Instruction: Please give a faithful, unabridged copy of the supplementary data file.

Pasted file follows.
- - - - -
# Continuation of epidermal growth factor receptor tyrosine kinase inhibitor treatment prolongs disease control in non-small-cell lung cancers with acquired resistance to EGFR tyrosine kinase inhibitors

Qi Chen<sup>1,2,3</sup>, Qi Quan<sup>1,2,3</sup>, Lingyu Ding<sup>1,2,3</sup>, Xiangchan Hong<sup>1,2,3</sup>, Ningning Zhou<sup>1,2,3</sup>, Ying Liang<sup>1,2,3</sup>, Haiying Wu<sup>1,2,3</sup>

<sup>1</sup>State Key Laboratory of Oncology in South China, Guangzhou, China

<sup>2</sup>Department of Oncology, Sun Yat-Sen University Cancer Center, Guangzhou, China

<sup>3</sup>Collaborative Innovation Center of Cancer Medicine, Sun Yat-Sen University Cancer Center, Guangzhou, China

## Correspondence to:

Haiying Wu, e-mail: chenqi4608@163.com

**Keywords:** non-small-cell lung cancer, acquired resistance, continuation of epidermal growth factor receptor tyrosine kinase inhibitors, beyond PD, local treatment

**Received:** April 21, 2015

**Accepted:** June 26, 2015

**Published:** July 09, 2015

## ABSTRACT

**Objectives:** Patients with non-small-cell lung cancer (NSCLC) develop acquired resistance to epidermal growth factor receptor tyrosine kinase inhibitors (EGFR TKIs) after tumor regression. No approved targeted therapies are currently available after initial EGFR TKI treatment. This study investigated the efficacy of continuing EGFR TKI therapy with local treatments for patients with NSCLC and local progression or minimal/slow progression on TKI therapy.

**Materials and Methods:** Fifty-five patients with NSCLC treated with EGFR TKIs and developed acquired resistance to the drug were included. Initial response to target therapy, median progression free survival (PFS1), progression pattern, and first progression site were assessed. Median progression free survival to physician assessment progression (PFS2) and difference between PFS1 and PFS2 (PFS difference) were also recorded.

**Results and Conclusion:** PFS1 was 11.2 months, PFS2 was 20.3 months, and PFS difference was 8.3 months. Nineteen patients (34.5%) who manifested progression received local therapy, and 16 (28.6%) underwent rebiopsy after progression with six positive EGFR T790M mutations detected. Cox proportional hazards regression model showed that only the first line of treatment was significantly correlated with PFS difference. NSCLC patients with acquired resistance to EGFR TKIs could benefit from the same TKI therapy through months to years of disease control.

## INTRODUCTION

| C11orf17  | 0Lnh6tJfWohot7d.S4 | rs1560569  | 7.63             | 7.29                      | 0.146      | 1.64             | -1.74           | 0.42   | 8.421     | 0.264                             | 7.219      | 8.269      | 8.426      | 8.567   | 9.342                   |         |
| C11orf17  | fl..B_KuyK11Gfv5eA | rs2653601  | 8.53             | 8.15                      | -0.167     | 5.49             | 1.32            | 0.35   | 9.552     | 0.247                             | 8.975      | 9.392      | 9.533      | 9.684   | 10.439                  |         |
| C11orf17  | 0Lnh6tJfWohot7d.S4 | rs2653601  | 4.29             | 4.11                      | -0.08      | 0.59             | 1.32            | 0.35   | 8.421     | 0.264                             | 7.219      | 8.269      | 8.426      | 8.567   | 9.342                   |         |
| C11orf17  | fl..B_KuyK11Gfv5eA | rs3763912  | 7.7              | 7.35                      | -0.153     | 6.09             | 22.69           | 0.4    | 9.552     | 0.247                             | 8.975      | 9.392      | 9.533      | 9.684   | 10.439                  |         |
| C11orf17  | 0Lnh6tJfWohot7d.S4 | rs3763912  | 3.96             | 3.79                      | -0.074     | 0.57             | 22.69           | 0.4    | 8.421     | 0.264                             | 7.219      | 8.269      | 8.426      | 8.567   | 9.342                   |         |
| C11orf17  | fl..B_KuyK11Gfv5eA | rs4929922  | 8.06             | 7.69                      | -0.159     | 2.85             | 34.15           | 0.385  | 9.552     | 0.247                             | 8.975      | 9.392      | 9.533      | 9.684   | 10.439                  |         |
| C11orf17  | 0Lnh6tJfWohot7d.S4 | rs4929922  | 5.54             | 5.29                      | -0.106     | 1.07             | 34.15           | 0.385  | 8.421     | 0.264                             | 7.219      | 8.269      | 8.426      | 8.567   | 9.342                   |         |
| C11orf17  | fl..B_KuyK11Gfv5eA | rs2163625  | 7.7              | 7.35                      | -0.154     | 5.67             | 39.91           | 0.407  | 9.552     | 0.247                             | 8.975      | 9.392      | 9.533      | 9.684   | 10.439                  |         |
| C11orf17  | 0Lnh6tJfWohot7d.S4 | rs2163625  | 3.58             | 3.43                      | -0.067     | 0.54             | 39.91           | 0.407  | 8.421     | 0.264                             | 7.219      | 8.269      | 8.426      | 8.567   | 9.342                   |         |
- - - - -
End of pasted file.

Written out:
# Continuation of epidermal growth factor receptor tyrosine kinase inhibitor treatment prolongs disease control in non-small-cell lung cancers with acquired resistance to EGFR tyrosine kinase inhibitors

Qi Chen<sup>1,2,3</sup>, Qi Quan<sup>1,2,3</sup>, Lingyu Ding<sup>1,2,3</sup>, Xiangchan Hong<sup>1,2,3</sup>, Ningning Zhou<sup>1,2,3</sup>, Ying Liang<sup>1,2,3</sup>, Haiying Wu<sup>1,2,3</sup>

<sup>1</sup>State Key Laboratory of Oncology in South China, Guangzhou, China

<sup>2</sup>Department of Oncology, Sun Yat-Sen University Cancer Center, Guangzhou, China

<sup>3</sup>Collaborative Innovation Center of Cancer Medicine, Sun Yat-Sen University Cancer Center, Guangzhou, China

## Correspondence to:

Haiying Wu, e-mail: chenqi4608@163.com

**Keywords:** non-small-cell lung cancer, acquired resistance, continuation of epidermal growth factor receptor tyrosine kinase inhibitors, beyond PD, local treatment

**Received:** April 21, 2015

**Accepted:** June 26, 2015

**Published:** July 09, 2015

## ABSTRACT

**Objectives:** Patients with non-small-cell lung cancer (NSCLC) develop acquired resistance to epidermal growth factor receptor tyrosine kinase inhibitors (EGFR TKIs) after tumor regression. No approved targeted therapies are currently available after initial EGFR TKI treatment. This study investigated the efficacy of continuing EGFR TKI therapy with local treatments for patients with NSCLC and local progression or minimal/slow progression on TKI therapy.

**Materials and Methods:** Fifty-five patients with NSCLC treated with EGFR TKIs and developed acquired resistance to the drug were included. Initial response to target therapy, median progression free survival (PFS1), progression pattern, and first progression site were assessed. Median progression free survival to physician assessment progression (PFS2) and difference between PFS1 and PFS2 (PFS difference) were also recorded.

**Results and Conclusion:** PFS1 was 11.2 months, PFS2 was 20.3 months, and PFS difference was 8.3 months. Nineteen patients (34.5%) who manifested progression received local therapy, and 16 (28.6%) underwent rebiopsy after progression with six positive EGFR T790M mutations detected. Cox proportional hazards regression model showed that only the first line of treatment was significantly correlated with PFS difference. NSCLC patients with acquired resistance to EGFR TKIs could benefit from the same TKI therapy through months to years of disease control.

## INTRODUCTION

| C11orf17  | 0Lnh6tJfWohot7d.S4 | rs1560569  | 7.63             | 7.29                      | 0.146      | 1.64             | -1.74           | 0.42   | 8.421     | 0.264                             | 7.219      | 8.269      | 8.426      | 8.567   | 9.342                   |         |
| C11orf17  | fl..B_KuyK11Gfv5eA | rs2653601  | 8.53             | 8.15                      | -0.167     | 5.49             | 1.32            | 0.35   | 9.552     | 0.247                             | 8.975      | 9.392      | 9.533      | 9.684   | 10.439                  |         |
| C11orf17  | 0Lnh6tJfWohot7d.S4 | rs2653601  | 4.29             | 4.11                      | -0.08      | 0.59             | 1.32            | 0.35   | 8.421     | 0.264                             | 7.219      | 8.269      | 8.426      | 8.567   | 9.342                   |         |
| C11orf17  | fl..B_KuyK11Gfv5eA | rs3763912  | 7.7              | 7.35                      | -0.153     | 6.09             | 22.69           | 0.4    | 9.552     | 0.247                             | 8.975      | 9.392      | 9.533      | 9.684   | 10.439                  |         |
| C11orf17  | 0Lnh6tJfWohot7d.S4 | rs3763912  | 3.96             | 3.79                      | -0.074     | 0.57             | 22.69           | 0.4    | 8.421     | 0.264                             | 7.219      | 8.269      | 8.426      | 8.567   | 9.342                   |         |
| C11orf17  | fl..B_KuyK11Gfv5eA | rs4929922  | 8.06             | 7.69                      | -0.159     | 2.85             | 34.15           | 0.385  | 9.552     | 0.247                             | 8.975      | 9.392      | 9.533      | 9.684   | 10.439                  |         |
| C11orf17  | 0Lnh6tJfWohot7d.S4 | rs4929922  | 5.54             | 5.29                      | -0.106     | 1.07             | 34.15           | 0.385  | 8.421     | 0.264                             | 7.219      | 8.269      | 8.426      | 8.567   | 9.342                   |         |
| C11orf17  | fl..B_KuyK11Gfv5eA | rs2163625  | 7.7              | 7.35                      | -0.154     | 5.67             | 39.91           | 0.407  | 9.552     | 0.247                             | 8.975      | 9.392      | 9.533      | 9.684   | 10.439                  |         |
| C11orf17  | 0Lnh6tJfWohot7d.S4 | rs2163625  | 3.58             | 3.43                      | -0.067     | 0.54             | 39.91           | 0.407  | 8.421     | 0.264                             | 7.219      | 8.269      | 8.426      | 8.567   | 9.342                   |         |